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ROMY on her solo debut album cemented by the club culture that saved her



It’s okay to be vulnerable

– How was the recording process for this album?

ROMY: It changed as we worked. I used to write lyrics first, and then I would create the melody afterward. That was when I first started writing songs. But now, since doing more sessions about songwriting for other people, I’ve learned the more traditional method, which is writing a melody with some chords and then writing lyrics afterward. 

So, I tried that traditional method for this project, and a lot of the songs started with Fred and me singing together from nothing. I heard him play some chords, and I sang some melodies, and then I took the demo home and wrote the lyrics at home when I could be more honest. Most of the songs were written this way. The song Waitless was written just at home on the acoustic guitar, and I really wanted to challenge myself to take it off the guitar and put it into the sound like the rest of the album.

ROMY “Mid Air” released September 8 ( Spotify link )

– What is the difference between solo project and working as The xx?

ROMY: It’s completely different. In terms of songwriting for The xx, meand Oliver work together and share songs as a way for us to experience the feelings. Sometimes it can be very abstract, while this solo project, I’ve enjoyed being more direct and just writing very specifically about a person and the time and my own experience.

– “Strong” tells us to be yourself, accept yourself, and release Yourself. How did you come to deliver this message through this song?

ROMY: I think I’m interested in sharing an emotional or thoughtful message in dance music. I’m really drawn to songs that have depth. But you can still dance to it. You don’t realize the lyrics, and then you listen to the lyrics and you’re like, “wait.” I like that contradiction. And in a way, the song and the music were written at the same time. And so it felt like the euphoric music might have helped me be in a safe place to write a more deep message.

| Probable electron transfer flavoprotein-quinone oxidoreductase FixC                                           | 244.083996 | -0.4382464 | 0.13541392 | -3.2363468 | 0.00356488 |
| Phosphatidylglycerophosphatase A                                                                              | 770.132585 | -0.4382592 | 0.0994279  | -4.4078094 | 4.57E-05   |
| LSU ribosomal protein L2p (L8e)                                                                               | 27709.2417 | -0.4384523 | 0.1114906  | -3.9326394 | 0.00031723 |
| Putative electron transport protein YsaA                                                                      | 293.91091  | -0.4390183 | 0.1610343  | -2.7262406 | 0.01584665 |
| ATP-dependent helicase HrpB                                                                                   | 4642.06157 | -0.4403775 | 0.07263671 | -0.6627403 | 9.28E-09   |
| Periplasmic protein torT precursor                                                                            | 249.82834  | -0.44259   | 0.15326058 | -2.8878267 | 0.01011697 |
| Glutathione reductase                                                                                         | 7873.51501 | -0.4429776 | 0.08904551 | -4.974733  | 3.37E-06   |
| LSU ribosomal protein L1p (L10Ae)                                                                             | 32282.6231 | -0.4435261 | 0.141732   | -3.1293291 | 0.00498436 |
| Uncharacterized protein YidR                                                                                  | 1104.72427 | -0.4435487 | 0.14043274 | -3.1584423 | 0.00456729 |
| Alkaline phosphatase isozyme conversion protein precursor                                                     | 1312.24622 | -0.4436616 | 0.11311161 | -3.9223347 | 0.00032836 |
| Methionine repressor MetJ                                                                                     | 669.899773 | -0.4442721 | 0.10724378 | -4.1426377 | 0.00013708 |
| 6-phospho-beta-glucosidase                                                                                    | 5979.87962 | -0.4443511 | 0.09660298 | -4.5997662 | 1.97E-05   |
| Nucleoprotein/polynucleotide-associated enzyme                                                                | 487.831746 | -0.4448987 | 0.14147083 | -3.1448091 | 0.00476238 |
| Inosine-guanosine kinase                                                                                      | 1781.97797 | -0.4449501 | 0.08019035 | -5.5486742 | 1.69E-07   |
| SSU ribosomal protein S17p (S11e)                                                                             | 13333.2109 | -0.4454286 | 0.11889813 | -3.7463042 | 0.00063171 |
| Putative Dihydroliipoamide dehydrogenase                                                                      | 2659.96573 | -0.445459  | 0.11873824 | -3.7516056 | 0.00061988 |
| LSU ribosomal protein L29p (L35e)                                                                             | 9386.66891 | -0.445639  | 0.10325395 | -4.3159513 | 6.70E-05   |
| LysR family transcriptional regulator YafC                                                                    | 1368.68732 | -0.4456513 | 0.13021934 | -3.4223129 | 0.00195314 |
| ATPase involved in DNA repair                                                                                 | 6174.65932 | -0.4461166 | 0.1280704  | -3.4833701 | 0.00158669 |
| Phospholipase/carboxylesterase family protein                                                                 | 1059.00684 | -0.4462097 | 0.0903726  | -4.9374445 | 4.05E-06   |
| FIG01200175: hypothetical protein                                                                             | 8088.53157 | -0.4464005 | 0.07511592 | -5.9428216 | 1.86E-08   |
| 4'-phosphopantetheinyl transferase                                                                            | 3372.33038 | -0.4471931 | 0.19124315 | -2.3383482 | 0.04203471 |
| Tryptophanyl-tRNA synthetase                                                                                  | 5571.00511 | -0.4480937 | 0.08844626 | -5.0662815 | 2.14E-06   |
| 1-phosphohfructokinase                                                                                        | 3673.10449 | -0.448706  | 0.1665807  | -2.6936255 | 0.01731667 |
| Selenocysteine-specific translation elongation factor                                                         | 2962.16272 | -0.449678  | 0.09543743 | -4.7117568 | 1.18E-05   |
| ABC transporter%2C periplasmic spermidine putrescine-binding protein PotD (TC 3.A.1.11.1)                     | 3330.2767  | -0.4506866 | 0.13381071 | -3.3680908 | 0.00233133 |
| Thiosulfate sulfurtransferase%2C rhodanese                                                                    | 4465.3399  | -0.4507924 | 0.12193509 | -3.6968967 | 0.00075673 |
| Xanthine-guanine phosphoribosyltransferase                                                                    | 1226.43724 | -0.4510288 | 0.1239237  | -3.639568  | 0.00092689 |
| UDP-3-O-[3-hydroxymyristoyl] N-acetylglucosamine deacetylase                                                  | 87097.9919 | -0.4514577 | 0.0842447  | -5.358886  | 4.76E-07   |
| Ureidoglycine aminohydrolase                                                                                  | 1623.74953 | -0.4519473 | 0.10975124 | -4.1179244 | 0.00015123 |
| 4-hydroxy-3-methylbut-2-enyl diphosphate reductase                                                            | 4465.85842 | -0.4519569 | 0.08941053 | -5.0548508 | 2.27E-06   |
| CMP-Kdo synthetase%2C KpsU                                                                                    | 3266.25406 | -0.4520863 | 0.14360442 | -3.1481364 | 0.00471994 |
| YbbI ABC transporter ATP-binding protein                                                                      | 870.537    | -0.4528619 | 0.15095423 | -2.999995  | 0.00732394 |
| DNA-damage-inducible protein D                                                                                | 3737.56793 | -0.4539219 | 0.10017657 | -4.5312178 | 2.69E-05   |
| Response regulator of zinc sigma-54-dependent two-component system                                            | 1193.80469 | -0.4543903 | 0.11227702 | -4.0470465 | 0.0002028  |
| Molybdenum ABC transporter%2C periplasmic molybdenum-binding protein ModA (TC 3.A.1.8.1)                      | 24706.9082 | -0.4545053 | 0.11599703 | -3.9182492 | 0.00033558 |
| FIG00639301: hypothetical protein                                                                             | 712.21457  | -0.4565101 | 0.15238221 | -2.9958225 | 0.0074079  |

ROMY: And that becomes just a wider spread message that it’s okay to be more vulnerable. It’s a message I’m writing about to myself as a reminder and to other younger people.

Romy & Fred again… – Strong

– What about “Enjoy Your Life”? It reminded me of Pete Heller’s “Big Love” and Stardust’s “Music Sounds Better With You.” During the pandemic, I danced to this song at home instead of going out. Do you sometimes party at home with friends instead of night out?

ROMY: That’s so nice. I was definitely inspired by “Music Sounds Better With You.” or other French house and sample-based songs. It was my reference for that song for sure. 

During the lockdown, I realized how much I missed dancing and clubbing. I was in the kitchen with my wife dancing. It made me appreciate the power of dancing and clubbing. I love going out with my friends becuase it’s such a nice way to connect. Also, it can be a way to talk about your feelings because sometimes on a night out, not just because you have some drinks, but the conversations you have outside the club or on the dance floor can be intimate and more open than just having a coffee. That’s something I love as well.

Romy – Enjoy Your Life (Official Video)

ROMY: I wanted “Enjoy Your Life” to have that French House feel you mentioned, like Stardust’s “Music Sounds Better With You” or Mojo’s “Lady”.

– I used to dance at home with my wife every time your new song was released and guessed references [laughs].

ROMY: Cool! That’s how I want my music to be received [laughs].



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